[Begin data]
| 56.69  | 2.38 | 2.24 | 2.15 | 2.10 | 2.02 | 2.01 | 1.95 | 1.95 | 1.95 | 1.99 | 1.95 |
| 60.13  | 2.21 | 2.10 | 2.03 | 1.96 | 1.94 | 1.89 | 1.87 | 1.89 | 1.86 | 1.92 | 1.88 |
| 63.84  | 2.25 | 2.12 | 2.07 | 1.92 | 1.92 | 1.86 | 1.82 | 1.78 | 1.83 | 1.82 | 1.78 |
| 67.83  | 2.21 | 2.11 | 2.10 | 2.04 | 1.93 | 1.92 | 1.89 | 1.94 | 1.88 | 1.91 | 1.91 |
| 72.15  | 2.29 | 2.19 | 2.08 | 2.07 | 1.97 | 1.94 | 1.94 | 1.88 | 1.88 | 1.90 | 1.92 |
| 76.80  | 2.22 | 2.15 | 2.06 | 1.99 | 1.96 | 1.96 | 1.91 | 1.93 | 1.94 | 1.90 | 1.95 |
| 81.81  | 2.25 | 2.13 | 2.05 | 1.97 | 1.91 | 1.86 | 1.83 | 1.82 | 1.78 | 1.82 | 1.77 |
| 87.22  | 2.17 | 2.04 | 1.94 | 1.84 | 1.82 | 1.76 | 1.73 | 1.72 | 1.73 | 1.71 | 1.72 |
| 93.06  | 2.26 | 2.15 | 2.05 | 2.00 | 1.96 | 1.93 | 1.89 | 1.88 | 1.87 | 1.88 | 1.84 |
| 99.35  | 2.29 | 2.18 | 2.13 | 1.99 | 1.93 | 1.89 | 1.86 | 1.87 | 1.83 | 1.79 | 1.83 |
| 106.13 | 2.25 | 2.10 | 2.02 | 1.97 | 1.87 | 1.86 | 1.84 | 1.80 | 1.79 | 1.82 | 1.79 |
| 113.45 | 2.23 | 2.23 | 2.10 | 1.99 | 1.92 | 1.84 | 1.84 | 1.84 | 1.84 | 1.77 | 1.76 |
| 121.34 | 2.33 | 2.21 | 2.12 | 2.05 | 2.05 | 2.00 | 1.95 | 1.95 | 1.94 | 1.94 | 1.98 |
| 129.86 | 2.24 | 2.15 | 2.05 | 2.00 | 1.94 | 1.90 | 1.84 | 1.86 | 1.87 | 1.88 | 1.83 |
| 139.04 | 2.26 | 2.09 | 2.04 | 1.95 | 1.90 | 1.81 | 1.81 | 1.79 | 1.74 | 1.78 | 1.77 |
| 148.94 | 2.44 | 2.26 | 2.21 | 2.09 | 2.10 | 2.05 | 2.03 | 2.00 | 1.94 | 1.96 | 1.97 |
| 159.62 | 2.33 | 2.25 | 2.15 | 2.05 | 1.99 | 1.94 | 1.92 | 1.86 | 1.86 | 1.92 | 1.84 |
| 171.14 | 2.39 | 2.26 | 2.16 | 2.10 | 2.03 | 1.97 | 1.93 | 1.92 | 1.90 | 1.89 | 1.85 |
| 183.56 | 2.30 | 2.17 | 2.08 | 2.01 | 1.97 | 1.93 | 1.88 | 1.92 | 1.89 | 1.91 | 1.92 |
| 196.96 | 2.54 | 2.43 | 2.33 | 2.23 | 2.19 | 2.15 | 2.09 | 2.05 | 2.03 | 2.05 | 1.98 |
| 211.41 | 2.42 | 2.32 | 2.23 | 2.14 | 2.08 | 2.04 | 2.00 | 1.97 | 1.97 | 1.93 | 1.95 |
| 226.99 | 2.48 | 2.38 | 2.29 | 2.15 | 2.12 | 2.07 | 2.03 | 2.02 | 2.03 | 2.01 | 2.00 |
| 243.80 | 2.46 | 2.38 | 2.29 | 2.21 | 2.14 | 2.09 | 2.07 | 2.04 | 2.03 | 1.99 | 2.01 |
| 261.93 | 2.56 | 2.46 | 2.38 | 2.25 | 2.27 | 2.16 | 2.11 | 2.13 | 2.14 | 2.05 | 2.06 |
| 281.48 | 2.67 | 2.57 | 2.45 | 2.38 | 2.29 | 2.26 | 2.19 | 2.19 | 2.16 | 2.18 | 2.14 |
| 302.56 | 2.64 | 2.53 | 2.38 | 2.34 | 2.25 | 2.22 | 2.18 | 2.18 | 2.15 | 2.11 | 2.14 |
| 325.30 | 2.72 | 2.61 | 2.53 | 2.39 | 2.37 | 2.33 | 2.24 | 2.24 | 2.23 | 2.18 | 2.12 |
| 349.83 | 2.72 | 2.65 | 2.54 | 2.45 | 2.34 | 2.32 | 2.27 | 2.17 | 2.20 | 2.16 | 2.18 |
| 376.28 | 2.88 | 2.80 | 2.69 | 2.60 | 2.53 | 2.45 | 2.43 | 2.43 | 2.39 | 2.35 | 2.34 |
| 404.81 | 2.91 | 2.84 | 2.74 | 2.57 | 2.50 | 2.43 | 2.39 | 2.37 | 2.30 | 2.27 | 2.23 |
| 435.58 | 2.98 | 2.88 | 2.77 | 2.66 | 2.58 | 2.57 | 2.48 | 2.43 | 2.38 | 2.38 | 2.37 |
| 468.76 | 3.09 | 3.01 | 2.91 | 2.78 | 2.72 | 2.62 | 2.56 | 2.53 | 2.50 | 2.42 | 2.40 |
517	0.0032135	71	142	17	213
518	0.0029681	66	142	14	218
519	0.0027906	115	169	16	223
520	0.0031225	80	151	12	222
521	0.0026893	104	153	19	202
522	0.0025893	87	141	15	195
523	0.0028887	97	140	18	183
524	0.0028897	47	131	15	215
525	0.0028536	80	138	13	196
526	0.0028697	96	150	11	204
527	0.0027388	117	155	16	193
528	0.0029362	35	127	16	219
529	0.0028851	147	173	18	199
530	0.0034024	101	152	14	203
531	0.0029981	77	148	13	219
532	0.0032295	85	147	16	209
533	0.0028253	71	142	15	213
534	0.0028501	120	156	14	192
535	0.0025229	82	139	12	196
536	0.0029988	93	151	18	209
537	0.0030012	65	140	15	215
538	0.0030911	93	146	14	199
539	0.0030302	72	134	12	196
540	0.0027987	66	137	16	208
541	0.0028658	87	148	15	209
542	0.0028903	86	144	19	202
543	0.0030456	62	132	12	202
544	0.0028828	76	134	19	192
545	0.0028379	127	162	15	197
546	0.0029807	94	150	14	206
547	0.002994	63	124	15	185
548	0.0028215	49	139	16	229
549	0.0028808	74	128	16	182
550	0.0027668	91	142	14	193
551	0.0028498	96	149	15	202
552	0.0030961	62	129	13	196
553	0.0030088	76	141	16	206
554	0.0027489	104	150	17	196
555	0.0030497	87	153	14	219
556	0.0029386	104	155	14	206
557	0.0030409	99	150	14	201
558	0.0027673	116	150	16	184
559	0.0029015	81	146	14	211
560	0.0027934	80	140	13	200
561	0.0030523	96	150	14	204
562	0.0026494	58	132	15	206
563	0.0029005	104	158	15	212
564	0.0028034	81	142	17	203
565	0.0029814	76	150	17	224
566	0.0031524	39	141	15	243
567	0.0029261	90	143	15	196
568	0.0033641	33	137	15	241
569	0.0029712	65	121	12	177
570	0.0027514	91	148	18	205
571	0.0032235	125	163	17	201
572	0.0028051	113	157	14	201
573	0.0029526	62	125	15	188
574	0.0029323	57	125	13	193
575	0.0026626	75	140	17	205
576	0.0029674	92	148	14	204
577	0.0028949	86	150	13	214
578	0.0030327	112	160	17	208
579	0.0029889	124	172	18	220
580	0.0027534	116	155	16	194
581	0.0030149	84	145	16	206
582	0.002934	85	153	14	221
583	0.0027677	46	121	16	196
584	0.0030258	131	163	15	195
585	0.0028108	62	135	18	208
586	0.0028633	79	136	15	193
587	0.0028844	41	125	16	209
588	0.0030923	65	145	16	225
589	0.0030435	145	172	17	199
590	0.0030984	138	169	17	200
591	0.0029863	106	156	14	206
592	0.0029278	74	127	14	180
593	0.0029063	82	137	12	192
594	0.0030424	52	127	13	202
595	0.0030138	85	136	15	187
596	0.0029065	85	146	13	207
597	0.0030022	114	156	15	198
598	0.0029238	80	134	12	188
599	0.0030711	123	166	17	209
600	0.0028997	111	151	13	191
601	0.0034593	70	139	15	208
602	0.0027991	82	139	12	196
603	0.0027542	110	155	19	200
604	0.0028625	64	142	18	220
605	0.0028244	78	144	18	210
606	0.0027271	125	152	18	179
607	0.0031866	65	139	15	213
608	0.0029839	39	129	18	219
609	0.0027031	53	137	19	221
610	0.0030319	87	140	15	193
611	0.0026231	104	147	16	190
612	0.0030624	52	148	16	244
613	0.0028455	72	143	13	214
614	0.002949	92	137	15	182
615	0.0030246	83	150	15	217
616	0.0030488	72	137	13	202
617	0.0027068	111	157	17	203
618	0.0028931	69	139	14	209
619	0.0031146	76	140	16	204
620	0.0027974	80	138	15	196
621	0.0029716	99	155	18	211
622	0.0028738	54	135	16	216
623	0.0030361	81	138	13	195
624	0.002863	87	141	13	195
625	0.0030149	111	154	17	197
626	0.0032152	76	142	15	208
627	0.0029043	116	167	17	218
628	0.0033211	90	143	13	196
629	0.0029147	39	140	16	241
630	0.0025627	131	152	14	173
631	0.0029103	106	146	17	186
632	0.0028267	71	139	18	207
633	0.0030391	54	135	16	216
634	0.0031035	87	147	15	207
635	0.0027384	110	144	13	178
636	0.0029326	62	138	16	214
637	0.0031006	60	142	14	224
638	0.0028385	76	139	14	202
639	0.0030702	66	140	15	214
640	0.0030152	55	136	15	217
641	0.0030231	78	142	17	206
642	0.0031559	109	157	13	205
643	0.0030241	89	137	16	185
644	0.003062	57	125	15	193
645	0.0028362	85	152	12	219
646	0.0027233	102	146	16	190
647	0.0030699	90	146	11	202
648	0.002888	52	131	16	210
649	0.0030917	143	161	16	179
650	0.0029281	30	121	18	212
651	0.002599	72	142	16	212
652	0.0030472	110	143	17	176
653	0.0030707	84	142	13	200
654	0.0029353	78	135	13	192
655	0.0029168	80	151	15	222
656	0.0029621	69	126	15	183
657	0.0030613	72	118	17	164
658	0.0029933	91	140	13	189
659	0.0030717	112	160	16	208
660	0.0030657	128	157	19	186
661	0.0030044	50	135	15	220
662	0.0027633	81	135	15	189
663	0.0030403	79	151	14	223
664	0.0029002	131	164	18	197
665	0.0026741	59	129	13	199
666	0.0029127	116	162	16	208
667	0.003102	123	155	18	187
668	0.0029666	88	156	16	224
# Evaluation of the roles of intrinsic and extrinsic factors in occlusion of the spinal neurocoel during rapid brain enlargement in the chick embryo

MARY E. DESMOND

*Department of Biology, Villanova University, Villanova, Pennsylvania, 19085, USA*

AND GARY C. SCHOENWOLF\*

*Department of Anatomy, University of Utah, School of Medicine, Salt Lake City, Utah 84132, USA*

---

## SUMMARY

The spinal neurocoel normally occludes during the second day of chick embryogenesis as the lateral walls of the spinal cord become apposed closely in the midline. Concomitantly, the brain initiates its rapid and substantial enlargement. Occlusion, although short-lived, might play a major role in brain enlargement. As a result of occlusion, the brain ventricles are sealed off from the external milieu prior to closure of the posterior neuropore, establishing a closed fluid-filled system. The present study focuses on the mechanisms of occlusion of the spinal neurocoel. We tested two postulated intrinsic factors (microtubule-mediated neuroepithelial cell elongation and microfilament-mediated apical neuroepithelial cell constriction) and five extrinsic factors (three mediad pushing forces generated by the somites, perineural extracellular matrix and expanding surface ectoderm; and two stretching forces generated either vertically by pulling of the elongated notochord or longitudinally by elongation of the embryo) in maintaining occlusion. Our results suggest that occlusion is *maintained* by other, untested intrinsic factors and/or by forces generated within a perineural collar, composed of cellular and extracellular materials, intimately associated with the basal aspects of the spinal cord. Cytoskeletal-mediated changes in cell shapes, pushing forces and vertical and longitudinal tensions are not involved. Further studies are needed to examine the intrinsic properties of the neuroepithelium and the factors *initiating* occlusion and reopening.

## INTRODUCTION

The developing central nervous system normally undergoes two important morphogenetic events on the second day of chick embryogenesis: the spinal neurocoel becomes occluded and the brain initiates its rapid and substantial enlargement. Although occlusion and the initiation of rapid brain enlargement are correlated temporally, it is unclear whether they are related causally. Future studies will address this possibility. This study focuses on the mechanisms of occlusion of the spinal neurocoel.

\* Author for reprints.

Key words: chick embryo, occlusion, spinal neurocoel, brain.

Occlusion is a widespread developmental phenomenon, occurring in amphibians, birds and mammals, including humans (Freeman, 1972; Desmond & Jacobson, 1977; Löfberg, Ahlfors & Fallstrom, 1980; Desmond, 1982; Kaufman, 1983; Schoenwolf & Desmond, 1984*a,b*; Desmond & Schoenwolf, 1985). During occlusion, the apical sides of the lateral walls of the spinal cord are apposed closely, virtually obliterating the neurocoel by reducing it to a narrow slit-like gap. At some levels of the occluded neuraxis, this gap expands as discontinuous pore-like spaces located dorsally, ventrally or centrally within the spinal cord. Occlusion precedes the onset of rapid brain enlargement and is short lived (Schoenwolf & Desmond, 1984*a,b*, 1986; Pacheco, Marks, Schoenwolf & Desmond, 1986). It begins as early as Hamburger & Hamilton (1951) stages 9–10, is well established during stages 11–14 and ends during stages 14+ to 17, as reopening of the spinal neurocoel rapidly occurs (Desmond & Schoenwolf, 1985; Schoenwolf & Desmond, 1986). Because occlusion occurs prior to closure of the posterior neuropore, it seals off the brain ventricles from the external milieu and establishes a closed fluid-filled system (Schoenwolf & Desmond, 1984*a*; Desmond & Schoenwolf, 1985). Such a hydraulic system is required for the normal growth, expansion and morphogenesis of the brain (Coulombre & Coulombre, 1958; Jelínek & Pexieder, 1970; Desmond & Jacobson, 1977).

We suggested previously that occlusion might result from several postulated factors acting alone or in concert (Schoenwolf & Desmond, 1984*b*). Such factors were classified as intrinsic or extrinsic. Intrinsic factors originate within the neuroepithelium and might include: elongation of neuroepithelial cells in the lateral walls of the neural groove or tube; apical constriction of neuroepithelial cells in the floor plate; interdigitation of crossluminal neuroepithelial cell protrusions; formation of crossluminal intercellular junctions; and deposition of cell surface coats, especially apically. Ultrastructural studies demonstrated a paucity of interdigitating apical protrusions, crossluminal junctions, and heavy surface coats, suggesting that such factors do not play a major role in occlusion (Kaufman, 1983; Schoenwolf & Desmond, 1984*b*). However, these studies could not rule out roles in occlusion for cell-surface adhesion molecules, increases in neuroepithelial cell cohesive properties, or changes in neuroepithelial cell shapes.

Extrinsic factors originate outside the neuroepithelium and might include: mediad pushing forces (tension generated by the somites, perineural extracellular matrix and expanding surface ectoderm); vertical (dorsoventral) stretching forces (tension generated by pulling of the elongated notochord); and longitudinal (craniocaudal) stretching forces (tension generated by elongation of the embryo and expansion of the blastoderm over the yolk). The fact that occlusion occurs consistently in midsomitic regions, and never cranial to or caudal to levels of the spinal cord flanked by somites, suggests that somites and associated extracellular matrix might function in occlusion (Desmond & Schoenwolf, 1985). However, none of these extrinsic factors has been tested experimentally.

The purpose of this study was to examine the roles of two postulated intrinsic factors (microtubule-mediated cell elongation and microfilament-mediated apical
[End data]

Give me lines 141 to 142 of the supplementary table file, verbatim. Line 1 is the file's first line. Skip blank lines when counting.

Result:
625	0.0030149	111	154	17	197
626	0.0032152	76	142	15	208